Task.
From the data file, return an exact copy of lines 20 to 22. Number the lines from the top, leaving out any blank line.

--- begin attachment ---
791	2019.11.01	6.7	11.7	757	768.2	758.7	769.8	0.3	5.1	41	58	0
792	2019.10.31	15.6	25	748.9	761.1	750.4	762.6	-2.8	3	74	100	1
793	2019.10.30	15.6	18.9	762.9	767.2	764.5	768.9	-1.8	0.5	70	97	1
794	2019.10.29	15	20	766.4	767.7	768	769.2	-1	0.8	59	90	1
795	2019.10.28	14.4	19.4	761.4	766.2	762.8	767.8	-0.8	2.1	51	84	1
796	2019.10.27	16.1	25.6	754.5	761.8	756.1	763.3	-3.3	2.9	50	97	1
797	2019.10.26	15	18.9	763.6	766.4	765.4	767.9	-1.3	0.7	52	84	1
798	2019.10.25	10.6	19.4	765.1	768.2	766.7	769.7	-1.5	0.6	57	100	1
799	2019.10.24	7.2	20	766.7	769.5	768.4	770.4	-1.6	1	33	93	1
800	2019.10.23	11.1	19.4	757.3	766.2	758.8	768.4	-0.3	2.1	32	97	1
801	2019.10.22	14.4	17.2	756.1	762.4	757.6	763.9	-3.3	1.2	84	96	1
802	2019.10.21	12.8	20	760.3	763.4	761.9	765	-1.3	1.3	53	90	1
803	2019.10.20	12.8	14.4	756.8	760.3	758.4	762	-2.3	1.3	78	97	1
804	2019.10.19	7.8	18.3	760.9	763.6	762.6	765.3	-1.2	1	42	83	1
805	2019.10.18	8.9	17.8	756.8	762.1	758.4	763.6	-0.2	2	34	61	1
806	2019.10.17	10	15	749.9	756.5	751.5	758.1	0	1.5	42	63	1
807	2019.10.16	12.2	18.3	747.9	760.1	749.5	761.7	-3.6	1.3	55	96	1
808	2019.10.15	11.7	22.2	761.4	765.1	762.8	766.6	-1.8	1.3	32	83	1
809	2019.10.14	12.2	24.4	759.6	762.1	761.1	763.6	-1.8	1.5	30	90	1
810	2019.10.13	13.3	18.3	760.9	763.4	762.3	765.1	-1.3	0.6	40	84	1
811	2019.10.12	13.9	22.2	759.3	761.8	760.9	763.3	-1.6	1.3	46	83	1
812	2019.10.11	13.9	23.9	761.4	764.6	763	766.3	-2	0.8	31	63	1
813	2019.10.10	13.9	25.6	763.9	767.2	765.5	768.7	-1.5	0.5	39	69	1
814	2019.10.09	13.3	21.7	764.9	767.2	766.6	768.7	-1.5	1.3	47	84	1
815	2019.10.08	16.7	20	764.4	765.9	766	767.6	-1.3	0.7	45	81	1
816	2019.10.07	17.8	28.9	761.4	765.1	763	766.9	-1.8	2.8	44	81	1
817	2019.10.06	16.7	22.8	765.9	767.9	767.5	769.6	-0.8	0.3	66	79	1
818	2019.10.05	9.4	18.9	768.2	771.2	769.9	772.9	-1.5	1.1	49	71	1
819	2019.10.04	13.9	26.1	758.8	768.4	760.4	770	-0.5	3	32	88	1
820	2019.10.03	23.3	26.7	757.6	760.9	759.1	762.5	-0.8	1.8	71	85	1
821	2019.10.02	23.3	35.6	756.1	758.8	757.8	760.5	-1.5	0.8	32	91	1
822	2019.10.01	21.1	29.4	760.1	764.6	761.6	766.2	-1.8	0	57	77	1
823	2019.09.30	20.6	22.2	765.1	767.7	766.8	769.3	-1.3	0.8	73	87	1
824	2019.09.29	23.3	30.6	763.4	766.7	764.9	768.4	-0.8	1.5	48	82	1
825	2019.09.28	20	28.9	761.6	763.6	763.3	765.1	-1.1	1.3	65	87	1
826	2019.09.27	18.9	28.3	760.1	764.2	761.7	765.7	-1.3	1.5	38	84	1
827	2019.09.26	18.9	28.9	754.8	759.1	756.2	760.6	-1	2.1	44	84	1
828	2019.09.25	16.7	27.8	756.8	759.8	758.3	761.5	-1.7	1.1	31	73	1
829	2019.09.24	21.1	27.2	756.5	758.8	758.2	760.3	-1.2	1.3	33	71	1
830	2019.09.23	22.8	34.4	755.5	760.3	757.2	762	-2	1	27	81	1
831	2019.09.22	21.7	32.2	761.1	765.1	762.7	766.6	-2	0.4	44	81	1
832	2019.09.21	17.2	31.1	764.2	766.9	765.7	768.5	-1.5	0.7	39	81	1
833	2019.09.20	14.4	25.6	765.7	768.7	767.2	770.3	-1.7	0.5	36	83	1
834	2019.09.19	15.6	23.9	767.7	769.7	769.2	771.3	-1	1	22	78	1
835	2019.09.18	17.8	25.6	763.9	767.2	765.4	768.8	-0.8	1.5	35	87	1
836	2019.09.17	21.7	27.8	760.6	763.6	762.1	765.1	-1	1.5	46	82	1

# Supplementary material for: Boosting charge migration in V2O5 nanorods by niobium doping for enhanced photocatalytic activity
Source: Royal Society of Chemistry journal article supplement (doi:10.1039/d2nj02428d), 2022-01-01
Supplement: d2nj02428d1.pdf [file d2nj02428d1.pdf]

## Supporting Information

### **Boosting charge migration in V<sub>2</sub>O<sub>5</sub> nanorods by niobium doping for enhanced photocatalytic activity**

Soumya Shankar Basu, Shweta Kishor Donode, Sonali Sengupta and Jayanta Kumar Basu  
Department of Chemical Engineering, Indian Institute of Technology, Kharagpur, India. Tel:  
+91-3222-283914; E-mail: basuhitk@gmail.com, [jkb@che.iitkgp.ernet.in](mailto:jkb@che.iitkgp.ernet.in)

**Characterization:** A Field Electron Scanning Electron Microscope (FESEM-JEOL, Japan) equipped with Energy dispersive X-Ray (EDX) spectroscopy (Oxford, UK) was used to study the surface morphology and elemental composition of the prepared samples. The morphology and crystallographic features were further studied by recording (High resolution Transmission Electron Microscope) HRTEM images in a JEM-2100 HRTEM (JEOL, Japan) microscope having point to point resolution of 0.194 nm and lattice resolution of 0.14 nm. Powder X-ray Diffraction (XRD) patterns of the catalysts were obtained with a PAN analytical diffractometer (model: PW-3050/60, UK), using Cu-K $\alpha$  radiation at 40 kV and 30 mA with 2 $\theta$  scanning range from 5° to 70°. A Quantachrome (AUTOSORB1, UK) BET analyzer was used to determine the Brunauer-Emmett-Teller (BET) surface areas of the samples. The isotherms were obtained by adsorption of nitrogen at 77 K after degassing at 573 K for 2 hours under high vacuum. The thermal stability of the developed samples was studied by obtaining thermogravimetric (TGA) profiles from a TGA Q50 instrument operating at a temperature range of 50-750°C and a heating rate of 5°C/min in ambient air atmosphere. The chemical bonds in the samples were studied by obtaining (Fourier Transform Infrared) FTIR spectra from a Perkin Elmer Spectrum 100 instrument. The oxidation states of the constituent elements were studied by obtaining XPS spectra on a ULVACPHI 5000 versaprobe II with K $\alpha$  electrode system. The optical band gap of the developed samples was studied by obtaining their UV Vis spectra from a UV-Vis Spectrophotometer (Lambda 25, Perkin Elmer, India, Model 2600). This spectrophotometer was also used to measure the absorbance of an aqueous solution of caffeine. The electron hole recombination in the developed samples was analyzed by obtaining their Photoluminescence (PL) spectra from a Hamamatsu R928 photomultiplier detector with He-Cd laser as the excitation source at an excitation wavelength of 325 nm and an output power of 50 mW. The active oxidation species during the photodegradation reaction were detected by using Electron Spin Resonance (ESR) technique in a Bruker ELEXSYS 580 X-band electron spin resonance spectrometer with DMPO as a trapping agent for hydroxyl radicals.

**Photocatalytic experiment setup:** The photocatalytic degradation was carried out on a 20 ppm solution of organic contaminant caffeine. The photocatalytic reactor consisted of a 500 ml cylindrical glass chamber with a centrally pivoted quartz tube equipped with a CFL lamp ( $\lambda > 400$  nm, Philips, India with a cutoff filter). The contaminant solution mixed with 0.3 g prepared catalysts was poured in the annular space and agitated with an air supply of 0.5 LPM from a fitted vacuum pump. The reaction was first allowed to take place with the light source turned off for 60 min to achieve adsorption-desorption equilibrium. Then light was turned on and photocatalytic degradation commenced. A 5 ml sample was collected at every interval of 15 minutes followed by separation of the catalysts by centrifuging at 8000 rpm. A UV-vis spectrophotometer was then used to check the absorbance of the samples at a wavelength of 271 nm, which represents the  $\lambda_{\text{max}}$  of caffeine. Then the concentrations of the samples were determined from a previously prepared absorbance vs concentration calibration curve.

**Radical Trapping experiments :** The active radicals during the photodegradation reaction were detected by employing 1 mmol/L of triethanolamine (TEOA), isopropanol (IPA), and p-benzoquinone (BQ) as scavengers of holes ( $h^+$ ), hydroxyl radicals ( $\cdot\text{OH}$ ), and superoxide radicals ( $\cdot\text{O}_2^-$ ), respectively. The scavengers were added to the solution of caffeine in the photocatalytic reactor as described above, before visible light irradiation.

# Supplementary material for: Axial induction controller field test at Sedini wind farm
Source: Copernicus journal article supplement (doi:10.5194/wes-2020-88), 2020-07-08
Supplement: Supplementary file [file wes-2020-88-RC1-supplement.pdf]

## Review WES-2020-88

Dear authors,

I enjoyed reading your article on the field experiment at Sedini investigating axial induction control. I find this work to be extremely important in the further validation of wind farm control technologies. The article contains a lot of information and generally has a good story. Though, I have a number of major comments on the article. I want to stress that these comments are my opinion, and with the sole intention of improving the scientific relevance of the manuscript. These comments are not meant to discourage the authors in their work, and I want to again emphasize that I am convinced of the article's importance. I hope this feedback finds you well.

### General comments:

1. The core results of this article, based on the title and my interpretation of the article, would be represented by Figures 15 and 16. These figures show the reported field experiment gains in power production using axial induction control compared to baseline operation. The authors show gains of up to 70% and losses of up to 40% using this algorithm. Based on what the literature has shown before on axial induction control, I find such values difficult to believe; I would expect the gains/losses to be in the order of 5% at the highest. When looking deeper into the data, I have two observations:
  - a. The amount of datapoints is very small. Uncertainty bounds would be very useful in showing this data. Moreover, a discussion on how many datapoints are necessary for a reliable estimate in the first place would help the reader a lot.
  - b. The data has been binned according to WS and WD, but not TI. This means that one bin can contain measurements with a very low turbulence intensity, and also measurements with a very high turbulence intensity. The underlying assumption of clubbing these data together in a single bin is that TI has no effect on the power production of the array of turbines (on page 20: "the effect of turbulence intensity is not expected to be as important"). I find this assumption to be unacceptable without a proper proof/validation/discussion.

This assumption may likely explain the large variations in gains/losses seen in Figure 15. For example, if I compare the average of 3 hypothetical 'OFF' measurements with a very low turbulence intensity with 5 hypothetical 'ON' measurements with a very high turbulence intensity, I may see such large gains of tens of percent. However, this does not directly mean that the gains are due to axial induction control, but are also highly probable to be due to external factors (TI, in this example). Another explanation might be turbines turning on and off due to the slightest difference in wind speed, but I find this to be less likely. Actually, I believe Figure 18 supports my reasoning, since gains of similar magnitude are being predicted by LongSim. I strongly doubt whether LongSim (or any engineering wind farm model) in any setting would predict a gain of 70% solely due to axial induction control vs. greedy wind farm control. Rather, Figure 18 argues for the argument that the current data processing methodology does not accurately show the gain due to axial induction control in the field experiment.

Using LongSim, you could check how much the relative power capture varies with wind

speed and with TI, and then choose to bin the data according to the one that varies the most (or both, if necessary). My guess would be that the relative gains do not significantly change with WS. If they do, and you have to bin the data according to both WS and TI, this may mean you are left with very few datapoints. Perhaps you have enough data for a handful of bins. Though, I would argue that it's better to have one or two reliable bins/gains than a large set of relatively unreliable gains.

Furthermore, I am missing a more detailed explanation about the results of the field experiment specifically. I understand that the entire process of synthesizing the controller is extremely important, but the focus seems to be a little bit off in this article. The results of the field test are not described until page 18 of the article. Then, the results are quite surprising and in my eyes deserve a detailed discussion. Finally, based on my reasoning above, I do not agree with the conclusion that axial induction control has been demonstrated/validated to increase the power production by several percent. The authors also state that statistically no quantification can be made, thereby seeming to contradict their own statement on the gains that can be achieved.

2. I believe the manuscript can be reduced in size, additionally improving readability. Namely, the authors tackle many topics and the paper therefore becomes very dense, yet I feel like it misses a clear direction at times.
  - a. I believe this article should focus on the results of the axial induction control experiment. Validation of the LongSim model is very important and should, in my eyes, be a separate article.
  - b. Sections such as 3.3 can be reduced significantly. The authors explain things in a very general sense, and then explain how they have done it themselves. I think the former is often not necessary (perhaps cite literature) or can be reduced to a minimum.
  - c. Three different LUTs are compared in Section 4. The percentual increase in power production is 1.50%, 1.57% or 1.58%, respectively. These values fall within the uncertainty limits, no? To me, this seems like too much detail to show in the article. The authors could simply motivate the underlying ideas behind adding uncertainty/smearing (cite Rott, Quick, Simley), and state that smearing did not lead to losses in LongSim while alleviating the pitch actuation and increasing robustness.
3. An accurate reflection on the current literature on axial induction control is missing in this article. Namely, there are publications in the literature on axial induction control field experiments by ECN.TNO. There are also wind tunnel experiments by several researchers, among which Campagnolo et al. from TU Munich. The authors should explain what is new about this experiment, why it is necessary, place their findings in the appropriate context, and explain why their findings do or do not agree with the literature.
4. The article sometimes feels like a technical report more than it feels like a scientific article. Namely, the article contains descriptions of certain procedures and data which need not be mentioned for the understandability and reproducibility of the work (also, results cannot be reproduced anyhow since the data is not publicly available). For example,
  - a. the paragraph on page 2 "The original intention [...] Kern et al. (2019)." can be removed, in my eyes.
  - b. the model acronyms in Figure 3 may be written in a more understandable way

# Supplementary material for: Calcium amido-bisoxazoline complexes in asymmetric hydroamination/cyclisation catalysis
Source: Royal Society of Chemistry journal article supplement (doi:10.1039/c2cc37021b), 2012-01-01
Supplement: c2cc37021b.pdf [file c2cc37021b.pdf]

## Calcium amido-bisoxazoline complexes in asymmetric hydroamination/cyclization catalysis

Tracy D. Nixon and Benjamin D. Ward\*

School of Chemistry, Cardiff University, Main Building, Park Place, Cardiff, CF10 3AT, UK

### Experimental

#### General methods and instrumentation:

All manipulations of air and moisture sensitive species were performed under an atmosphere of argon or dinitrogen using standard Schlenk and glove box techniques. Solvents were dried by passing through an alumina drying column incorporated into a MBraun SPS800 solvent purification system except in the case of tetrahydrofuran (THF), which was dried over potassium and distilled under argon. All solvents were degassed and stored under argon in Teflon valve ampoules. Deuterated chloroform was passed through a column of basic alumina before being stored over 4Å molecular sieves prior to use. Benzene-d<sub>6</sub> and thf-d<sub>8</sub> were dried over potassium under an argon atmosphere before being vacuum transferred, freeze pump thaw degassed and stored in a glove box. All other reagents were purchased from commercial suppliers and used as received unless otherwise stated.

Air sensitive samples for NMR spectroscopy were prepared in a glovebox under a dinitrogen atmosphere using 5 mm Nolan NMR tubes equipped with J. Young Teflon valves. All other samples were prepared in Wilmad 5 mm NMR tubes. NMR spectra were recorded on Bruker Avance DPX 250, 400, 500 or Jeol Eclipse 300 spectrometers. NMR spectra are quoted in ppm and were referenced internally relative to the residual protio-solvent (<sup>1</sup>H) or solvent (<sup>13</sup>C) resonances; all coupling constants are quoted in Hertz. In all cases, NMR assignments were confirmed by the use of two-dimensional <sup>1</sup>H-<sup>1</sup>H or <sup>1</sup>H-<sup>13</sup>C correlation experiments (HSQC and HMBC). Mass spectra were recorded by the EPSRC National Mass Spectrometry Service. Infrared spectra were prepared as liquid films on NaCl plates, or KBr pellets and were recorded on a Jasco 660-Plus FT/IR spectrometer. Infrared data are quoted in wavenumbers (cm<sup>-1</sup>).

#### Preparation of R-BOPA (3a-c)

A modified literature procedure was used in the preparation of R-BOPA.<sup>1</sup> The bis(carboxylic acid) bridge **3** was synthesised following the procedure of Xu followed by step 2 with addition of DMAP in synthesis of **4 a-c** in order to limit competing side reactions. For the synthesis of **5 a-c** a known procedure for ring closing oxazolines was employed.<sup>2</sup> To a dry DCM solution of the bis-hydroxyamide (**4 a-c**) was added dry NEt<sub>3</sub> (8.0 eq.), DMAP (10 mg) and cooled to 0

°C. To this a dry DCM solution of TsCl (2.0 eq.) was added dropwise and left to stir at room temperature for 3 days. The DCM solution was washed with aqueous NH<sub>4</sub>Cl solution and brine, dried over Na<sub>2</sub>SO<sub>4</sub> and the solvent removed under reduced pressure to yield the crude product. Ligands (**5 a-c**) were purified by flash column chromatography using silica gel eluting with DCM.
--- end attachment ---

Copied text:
810	2019.10.13	13.3	18.3	760.9	763.4	762.3	765.1	-1.3	0.6	40	84	1
811	2019.10.12	13.9	22.2	759.3	761.8	760.9	763.3	-1.6	1.3	46	83	1
812	2019.10.11	13.9	23.9	761.4	764.6	763	766.3	-2	0.8	31	63	1